The Brazil of 1982 is often touted as one of the best teams never to win the World Cup. Well in Azeglio Vicini’s Azzurri of 1990, Italy has its own candidate for such an honour.
Hosted in the peninsula, La Nazionale had a great chance of recapturing the trophy for a record fourth time and they undoubtedly had the squad to do it.
They had created the basis of a team during an impressive 1988 European Championships and those young players had now matured, two years on, ready to take on the best the world had to offer.
To the dismay and despair of the majority of the tifosi, the team fell at the penultimate hurdle, as the semi final defeat to Argentina was the peak Vicini’s men had almost scaled only to fall just as the summit was within their grasp. However, this tournament gave birth to one of the world’s finest ever players and a set of bulging eyes that will forever live long in the memory of every World Cup fan.
Italy had finished top of their first phase group, winning all three matches without really breaking their stride. With the first round safely negotiated, the Azzurri had a smooth passage to the semi final as they brushed aside Uruguay and the Republic of Ireland.
The wins came courtesy of eventual tournament top scorer but little known Sicilian, Salvatore ‘Toto’ Schillaci and their soon to become new hero – Roberto Baggio. Schillaci’s six goals, his expressive face and mannerisms became a national treasure and Baggio’s wonder goal against the Czechs is often voted into many World Cup top 10 goals of all time.
However, drama and controversy reached boiling point against Diego Maradona’s reigning champions, Argentina. The tie had become slightly ‘piquant’ as the game was to be played at the San Paolo in Naples, with suggestions that many Napoli fans would be supporting their club hero instead of their country.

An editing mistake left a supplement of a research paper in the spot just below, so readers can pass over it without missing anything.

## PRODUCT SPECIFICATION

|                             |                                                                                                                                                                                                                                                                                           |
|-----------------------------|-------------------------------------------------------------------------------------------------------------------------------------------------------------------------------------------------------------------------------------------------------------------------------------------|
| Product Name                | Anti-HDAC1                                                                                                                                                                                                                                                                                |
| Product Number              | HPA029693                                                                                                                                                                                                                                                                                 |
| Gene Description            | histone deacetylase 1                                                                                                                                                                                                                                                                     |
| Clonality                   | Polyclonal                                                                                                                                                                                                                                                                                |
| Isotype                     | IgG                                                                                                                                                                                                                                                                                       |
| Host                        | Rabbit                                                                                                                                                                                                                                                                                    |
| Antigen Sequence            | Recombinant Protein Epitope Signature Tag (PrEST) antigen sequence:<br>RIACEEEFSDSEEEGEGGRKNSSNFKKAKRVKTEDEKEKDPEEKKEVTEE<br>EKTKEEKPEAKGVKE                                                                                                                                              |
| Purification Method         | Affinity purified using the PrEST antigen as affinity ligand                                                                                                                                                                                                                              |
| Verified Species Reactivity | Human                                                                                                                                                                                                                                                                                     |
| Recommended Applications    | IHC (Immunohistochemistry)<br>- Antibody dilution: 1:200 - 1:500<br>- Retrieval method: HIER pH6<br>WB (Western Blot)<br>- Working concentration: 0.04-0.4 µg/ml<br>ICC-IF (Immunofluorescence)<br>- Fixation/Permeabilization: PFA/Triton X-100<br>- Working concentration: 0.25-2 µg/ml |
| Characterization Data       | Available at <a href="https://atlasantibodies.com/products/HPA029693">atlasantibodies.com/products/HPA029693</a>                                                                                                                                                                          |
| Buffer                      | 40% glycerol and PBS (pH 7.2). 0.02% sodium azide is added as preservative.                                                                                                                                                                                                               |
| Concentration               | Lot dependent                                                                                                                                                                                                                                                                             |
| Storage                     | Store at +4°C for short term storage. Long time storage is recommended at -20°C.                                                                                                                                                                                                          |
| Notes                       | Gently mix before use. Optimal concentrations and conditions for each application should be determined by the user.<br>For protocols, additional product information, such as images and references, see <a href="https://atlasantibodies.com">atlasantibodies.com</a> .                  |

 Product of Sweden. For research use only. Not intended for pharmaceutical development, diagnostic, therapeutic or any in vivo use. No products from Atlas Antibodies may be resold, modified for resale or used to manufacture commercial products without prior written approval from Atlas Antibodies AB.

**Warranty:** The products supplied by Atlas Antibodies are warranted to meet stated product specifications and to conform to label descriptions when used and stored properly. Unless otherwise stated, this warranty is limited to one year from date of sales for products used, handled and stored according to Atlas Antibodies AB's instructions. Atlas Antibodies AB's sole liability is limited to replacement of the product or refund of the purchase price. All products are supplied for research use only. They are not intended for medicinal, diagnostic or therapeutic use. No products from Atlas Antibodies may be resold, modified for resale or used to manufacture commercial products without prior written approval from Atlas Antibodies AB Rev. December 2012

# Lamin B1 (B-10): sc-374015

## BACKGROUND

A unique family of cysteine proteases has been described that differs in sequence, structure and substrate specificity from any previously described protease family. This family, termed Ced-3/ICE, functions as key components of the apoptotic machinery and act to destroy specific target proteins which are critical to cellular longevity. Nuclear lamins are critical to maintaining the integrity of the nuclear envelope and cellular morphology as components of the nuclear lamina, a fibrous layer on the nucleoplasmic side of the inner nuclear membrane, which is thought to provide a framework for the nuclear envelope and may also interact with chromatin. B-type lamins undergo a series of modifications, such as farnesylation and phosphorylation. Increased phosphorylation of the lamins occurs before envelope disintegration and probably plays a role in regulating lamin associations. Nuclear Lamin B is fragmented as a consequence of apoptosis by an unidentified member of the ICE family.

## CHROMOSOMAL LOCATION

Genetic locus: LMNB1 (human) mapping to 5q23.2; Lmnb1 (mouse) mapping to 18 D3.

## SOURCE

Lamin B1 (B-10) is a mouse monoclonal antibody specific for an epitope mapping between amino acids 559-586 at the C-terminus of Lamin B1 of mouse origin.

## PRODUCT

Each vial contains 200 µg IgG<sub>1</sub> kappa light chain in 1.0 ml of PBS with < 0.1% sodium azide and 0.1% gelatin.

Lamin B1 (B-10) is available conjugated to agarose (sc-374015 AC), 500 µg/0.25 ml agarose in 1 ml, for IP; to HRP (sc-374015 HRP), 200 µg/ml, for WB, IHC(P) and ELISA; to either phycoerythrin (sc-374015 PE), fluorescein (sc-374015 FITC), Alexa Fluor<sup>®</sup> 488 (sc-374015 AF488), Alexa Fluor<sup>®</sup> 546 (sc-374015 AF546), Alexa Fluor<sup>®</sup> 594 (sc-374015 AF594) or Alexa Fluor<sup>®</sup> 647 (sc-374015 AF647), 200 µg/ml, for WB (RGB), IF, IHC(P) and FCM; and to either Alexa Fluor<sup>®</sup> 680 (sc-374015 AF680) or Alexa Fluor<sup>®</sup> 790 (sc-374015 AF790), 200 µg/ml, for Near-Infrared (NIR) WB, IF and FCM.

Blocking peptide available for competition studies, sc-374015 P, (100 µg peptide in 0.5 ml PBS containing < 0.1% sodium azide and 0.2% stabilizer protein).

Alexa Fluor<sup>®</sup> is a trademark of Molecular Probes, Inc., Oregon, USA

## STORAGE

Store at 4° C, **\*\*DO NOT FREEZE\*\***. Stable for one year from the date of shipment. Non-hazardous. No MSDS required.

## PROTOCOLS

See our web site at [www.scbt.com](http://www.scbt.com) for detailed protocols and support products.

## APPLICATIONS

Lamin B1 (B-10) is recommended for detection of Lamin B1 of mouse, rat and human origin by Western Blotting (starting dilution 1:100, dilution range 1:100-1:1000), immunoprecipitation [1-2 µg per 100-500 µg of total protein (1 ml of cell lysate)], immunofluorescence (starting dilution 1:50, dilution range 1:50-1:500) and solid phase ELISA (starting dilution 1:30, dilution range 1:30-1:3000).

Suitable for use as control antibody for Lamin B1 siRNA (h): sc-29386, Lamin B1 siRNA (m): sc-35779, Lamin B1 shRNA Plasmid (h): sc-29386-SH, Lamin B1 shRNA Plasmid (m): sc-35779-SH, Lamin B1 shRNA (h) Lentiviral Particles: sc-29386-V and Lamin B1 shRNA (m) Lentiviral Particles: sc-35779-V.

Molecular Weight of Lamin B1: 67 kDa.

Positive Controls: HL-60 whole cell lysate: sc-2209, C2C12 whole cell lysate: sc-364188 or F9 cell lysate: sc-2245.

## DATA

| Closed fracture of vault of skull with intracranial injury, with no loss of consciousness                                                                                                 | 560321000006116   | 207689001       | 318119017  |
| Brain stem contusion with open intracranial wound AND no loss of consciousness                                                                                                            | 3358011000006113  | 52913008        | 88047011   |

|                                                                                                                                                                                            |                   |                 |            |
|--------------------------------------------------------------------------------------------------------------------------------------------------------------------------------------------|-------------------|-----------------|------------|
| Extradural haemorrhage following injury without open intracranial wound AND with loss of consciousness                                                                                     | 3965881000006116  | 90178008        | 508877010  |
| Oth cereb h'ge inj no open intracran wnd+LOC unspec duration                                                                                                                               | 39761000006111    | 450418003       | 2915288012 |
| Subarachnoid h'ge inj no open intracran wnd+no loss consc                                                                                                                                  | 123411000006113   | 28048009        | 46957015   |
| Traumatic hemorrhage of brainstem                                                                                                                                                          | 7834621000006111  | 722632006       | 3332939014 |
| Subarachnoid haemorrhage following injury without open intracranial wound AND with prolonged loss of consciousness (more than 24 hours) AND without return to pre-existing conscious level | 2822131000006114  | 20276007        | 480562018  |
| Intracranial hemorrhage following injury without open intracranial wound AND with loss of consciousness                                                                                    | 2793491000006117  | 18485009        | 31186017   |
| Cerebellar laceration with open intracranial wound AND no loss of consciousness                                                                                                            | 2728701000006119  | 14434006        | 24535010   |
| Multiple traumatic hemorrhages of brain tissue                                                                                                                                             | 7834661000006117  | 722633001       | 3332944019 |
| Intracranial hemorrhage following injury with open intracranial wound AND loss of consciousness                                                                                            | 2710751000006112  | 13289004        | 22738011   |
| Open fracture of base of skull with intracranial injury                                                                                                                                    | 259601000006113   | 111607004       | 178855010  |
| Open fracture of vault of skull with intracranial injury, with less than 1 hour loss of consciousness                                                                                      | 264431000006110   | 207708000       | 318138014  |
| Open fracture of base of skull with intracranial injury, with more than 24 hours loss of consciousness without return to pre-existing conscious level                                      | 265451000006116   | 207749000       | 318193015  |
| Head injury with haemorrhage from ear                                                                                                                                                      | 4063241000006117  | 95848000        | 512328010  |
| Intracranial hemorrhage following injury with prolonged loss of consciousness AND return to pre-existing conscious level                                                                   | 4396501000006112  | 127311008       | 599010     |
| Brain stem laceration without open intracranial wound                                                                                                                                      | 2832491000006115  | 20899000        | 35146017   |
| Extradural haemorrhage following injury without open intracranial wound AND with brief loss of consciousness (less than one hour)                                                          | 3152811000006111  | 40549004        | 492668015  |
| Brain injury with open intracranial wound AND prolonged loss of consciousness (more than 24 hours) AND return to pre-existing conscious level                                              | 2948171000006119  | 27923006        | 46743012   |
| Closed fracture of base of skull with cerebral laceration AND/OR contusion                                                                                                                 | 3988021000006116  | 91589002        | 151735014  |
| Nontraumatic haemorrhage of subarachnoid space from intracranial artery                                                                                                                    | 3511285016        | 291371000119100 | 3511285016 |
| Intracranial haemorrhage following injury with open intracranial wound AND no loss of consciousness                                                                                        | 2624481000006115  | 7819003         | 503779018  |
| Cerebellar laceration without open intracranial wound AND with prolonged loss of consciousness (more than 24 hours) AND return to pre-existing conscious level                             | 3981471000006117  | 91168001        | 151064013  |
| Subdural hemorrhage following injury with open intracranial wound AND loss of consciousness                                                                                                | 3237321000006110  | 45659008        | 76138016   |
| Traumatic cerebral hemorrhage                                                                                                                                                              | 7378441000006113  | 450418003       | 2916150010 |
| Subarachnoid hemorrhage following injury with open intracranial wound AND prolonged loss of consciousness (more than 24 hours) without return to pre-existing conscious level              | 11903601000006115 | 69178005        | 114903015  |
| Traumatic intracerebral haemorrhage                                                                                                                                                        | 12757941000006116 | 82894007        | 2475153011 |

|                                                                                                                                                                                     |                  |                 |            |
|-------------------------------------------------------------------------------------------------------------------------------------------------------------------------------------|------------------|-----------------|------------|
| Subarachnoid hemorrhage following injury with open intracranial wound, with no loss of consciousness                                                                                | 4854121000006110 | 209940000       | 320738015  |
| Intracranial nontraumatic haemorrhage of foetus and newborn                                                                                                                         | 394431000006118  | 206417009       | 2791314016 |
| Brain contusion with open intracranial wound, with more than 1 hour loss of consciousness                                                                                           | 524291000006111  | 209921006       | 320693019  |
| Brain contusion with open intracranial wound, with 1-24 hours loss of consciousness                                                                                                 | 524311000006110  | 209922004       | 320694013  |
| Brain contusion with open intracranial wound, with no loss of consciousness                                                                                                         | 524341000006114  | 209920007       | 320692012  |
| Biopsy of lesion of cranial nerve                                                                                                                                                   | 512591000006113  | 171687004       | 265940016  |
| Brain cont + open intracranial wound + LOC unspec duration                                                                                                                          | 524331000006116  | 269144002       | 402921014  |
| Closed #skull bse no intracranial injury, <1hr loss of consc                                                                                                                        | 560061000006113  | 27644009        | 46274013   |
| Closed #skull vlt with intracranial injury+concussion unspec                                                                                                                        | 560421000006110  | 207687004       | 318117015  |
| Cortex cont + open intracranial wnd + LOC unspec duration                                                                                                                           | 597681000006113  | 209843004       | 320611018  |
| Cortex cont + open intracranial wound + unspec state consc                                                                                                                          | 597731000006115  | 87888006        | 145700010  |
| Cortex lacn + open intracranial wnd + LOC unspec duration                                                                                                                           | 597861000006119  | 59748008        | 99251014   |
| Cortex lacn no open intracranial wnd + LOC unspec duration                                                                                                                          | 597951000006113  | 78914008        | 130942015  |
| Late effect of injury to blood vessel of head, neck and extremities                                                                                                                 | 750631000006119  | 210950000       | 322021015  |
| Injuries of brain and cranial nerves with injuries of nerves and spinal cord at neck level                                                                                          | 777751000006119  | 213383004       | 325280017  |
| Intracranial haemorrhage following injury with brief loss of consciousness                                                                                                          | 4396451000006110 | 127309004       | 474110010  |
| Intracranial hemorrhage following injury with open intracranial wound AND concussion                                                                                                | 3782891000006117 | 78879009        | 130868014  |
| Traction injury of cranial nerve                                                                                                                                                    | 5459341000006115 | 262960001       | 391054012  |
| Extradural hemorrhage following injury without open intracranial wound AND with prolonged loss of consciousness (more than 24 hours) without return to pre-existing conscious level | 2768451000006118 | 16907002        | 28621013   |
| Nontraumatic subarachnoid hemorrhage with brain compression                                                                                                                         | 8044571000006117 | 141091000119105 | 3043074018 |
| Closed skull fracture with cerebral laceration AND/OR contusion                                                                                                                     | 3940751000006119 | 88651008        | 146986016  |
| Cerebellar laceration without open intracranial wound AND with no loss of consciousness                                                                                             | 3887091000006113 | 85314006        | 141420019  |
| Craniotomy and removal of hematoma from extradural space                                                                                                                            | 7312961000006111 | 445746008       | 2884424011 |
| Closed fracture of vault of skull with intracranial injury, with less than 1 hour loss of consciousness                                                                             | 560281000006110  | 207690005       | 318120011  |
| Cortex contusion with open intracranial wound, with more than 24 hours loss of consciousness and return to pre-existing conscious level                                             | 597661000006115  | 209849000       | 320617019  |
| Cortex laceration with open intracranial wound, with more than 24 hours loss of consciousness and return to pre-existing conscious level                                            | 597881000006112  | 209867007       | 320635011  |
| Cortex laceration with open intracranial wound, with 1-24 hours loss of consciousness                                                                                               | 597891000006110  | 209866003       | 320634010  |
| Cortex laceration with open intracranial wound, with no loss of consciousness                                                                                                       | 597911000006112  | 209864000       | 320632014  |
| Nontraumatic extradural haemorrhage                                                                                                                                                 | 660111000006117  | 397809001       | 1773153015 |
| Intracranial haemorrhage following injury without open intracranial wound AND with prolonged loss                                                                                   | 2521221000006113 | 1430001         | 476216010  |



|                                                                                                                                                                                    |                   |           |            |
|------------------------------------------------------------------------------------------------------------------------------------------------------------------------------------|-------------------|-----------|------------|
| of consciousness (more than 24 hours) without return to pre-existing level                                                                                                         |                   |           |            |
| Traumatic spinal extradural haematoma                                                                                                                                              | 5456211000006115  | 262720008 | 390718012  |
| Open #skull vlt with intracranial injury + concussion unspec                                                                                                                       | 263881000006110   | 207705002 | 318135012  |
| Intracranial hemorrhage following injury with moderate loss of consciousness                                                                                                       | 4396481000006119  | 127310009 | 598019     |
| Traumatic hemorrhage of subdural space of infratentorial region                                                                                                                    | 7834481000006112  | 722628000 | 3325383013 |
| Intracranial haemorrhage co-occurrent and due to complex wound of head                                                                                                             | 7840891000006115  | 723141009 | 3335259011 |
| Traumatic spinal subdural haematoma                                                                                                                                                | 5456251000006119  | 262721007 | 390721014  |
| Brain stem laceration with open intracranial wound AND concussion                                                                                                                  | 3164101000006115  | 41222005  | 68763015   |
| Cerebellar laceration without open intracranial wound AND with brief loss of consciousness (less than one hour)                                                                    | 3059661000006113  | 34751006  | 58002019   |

One banner in the stadium read, ‘Maradona, Naples loves you – but Italy is our country’ which summed up the potential divisions within the crowd that some of the fans wished to play down.
Italy’s team selection also drew great debate, as the experienced and tougher Gianluca Vialli was preferred to the talented but inexperienced Baggio. The decision appeared to be vindicated as Italy took a 1-0 lead, Vialli assisting Schillaci as the Juventus striker put Italy in front after only 17 minutes. But the team failed to capitalise on their good start and became complacent, perhaps safe in the knowledge that their previously un-breached backline would continue to hold firm and see the team safely through to the final.
With just over 20 minutes to go, the unthinkable happened as a lofted ball into the six yard box was flicked up and over a flapping Walter Zenga (possibly weighed down by his thick gold chain?) by the alice band wearing Claudio Caniggia.
The ball agonisingly dropped into the unguarded net and 67 million Italians had their dreams broken in an instant. Just as Samson lost all his strength from having his hair cut, the life seemed to drain from the Italian players’ legs as they struggled to react to the equaliser.
The game eventually went to extra time and penalties with Roberto Donadoni and Aldo Serena missing the crucial spot kicks, sending Azeglio Vicini’s men tumbling out.
For the record, Italy finished the finals in third place, beating England in the somewhat meaningless third place playoff with Baggio and Schillaci hitting the net in a 2-1 victory.
The author of this article will readily admit to shedding tears at the merest thought of Italia 90 and manner in which the fairytale ended. The team was composed of some of the greatest players in Azzurri world cup history.
They embodied the stereotypical ideal of the perfect Italian national team – an impermeable defensive block, a midfield blend of beauty and brutality and an intelligent attack that showed guile and cunning.
Many theories are debated whcih try and explain this calamity, this impossible failure. The aforementioned Zenga having some kind of ‘mental lapse’ as he inexplicably came off his line to challenge Caniggia, the game being played at El Pibe’s home ground which unsettled the players after having played every previous match at the Stadio Olimpico in Rome or leaving Robert Baggio on the bench for the less technical Gianluca Vialli are all often touted as reasons for the ultimate collapse.
But no ‘excuse’ can ever heal the pain that comes with reliving Italia 90 and the semi final encounter in Naples. A pain that meant players such as Walter Zenga, Franco Baresi (part of squad in 1982 but never played), Riccardo Ferri, Paolo Maldini, Carlo Ancelotti, Giuseppe Giannini, Roberto Donadoni, Salvatore Schillaci and Roberto Baggio would never be crowned as World Champions.
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